Immortalize your rejection

How many rejection letters have you amassed? Do you view them as a mark of shame, or a badge of honor? Do you rip them up and toss them in the recycling with the other shredded junk mail, do you let your gerbils poop and chew on them, do you hang them up to inspire you to keep going, or do you pass them around to other writers and loved ones to commiserate, laugh, and moan in community?

If it's the last, here's your chance to get one into book form so that even more people can read how much you suck!

Bill Shapiro, the editor of Other People's Love Letters: 150 Letters You Were Never Meant to See is coming Other People's Rejection Letters. He's collecting submissions right now.

They don't have to be writing related, but all writers have one or two or a gazillion tucked away, right? They could also be Dear John letters or disinheritances, credit denials or a critique of an audition. They can be sent or received by you, and anonymity is available. Considering the imaginative layout of the last book, I'd say creativity counts.

So if you have a rejection letter or two tucked back there in the closet (or if you've written any) that you'd be willing to share, now's your chance to be part of the book.

You can send them to 1000rejectionletters@gmail.com.

If you're looking for something more immediate, there are always online forums to let it all out. There, now, won't that feel better?

Thank you to Brian at There Are No Rules for the heads up


The genre fiction ghetto

I came across this review in The Curator for a fantasy book, Cyndere's Midnight. The book is by Jeffrey Overstreet, and the article is by Annie Young Frisbie, titled "On Fantasy Fiction; Or, You Should Read Cyndere's Midnight."

Frisbie (or can I call her Annie? she sounds personable) talks about her history as a closet fantasy fan, her coming out, and now her advocacy for non-fans of the genre to lay aside their snarkiness and give a really good book a try. She declares: "I'm tired of seeing fantasy ghettoized. Genre was made to be transcended."

I'm one of those people who don't...quite...get fantasy. It's just not my thing. I love C.S. Lewis' The Chronicles of Narnia and the Harry Potter books, and I hear true fantasy fans disparage them as bad examples of the genre, so...I guess I'm just not a fan, although this glowing review might inspire me to give it another chance. Truly, no offense intended; I think I just get tripped up by names I don't know how to pronounce.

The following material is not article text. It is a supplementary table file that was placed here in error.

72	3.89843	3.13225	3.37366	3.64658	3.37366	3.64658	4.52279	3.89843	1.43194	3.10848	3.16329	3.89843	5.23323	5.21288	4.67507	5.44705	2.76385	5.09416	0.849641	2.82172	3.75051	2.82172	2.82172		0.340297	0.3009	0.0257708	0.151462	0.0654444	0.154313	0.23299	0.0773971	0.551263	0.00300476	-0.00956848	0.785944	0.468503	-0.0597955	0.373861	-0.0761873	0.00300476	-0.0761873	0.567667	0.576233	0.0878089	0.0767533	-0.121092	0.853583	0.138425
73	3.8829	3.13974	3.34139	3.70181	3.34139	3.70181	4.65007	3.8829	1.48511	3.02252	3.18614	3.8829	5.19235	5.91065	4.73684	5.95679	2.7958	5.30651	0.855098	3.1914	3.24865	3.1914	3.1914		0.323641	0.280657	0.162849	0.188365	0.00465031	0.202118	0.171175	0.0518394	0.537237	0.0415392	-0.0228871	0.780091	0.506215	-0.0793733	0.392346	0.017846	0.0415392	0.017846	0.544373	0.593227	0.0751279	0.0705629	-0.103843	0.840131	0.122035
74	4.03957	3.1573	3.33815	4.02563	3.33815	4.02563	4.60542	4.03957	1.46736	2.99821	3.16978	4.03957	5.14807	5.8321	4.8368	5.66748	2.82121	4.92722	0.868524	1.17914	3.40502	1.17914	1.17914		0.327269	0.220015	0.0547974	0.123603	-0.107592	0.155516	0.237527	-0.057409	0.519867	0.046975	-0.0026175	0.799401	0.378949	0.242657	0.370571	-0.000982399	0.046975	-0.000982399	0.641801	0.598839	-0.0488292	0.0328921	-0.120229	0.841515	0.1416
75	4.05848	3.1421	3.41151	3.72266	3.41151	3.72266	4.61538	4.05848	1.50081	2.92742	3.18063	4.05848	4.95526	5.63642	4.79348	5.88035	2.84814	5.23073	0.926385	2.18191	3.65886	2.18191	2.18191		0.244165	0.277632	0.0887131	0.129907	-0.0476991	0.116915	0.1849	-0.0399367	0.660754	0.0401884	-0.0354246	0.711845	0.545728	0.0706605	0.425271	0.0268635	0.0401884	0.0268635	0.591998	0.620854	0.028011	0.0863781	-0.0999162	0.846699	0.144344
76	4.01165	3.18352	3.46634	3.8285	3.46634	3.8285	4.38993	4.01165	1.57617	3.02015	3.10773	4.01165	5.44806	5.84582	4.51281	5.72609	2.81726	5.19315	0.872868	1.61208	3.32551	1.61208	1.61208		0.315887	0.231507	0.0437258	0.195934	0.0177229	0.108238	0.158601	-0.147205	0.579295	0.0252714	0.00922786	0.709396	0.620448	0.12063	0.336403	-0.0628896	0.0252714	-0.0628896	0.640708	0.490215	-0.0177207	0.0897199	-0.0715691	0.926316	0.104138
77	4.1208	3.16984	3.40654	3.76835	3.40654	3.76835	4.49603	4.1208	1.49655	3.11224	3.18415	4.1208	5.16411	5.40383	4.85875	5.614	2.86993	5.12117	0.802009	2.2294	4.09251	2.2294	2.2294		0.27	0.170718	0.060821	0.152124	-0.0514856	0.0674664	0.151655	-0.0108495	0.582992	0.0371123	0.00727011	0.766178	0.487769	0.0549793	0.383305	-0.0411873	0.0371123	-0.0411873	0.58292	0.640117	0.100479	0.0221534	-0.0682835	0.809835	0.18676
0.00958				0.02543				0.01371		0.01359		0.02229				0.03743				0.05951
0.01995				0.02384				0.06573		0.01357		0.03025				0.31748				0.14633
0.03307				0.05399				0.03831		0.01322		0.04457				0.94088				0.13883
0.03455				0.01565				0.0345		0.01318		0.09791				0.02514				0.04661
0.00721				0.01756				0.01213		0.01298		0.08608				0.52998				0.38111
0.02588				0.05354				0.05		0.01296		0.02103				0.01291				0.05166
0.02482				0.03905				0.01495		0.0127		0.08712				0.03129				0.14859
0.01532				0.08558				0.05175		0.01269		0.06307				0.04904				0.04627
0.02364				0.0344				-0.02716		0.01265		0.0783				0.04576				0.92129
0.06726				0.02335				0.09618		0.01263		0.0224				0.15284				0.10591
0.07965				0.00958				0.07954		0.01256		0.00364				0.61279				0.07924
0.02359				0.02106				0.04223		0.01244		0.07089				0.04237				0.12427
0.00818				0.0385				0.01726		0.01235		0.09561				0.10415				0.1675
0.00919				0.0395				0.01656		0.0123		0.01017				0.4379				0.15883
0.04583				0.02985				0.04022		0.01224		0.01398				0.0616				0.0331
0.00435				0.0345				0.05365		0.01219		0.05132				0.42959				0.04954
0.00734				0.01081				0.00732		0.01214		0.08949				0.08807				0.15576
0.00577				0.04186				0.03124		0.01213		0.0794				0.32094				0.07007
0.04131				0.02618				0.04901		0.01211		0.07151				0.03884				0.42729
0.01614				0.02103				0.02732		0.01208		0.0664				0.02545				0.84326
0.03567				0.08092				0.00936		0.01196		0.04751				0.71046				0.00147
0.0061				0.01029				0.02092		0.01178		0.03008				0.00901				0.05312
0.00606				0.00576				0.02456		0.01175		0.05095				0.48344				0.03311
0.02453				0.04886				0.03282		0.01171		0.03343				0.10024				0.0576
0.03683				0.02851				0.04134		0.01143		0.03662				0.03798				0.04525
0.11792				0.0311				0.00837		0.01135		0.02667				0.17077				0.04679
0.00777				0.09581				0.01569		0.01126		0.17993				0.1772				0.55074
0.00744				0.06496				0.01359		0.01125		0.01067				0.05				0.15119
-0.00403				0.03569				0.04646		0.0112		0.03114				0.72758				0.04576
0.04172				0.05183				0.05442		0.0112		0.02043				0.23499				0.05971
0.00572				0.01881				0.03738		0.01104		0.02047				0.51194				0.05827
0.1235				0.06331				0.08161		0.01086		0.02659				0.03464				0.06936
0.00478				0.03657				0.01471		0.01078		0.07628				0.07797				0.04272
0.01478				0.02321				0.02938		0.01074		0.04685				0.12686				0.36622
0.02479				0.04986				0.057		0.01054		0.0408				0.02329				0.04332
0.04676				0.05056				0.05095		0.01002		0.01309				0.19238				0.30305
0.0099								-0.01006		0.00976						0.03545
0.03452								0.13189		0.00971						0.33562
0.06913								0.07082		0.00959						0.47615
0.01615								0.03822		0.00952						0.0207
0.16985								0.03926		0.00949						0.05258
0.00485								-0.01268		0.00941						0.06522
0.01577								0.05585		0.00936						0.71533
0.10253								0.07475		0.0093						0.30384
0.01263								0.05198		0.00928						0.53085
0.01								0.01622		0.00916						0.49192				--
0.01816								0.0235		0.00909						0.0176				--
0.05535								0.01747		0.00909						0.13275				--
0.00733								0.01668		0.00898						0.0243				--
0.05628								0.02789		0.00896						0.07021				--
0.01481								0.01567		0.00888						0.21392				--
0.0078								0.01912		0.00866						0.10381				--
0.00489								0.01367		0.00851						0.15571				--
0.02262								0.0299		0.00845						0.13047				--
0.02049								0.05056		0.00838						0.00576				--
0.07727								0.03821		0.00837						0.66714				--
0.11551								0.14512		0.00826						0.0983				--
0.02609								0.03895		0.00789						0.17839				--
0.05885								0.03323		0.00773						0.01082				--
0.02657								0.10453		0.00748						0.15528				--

Because in any case, I totally understand feeling marginalized for enjoying commercial fiction that's not considered prestigious, in my case romance and mystery novels, and in fact enjoying them so much that I write my own.

When Frisbie (and/or Annie) mocks people who read "to pad your Goodreads feed with Booker nominees in order to impress your Facebook friends," I remember when I signed up for Goodreads at a friend's request and then feeling twinges of...oh, no, was that embarrassment?...when I listed recent books I'd truly enjoyed but were nothing like what my other friends were sharing with the world.

I didn't and don't want to fill this blog with apologetics and justifications and rants about how I feel ashamed or victimized by my preferences. I know other people just like me are out there, in large numbers, and I choose not to dwell on the naysayers' snootiness.

But I don't mind bringing it up once in awhile, just to discuss the phenomenon of creating a divide between "literary" and "commercial" fiction. (Isn't that a funny distinction all in itself? Literary meaning it's like literature, and commercial meaning it sells -- shouldn't both strive to be both? Kind of reminds me of "Republican" and "Democrat" -- shouldn't all Americans embrace the basics of both those words?)

I've been skulking agent blogs and writer forums whenever I need a break from revising my WIP (work in progress to those who don't skulk -- I've discovered all new terminology from all this procrastinating), and I found this uplifting A from a Q & A by the Evil Editor:
Authors don't get to declare what kind of prose they write. ... That's a job for critics, agents, and the people who make up the lies that go on the backs of books. Apparently you're unhappy with calling your book literary fiction. Don't be. Literary doesn't mean it's literature; it just means it's boring. My advice: add some sharks and a wolfman, and call it commercial fiction.

That made me laugh. I love that we have professional advocates out there to override any sneering voices.

I'll end with a great quote from Annie (I'm going for it -- I just read her bio and she loves LLL and cloth diapers [just like me, swoon]. Seriously, read her article; it's great, and here's a similar blog post she wrote):

Don’t let signs at Barnes and Noble or tags on Amazon.com tell you what kind of books you like to read. You’ll miss out on countless worlds of beauty.

Enjoy novels that tell a story! Enjoy characters you'd want to be friends with! Enjoy an adventure you'd like to go on! Embrace your chosen genre, and be happy.

Image courtesy of Julia Freeman-Woolpert from stock.xchng
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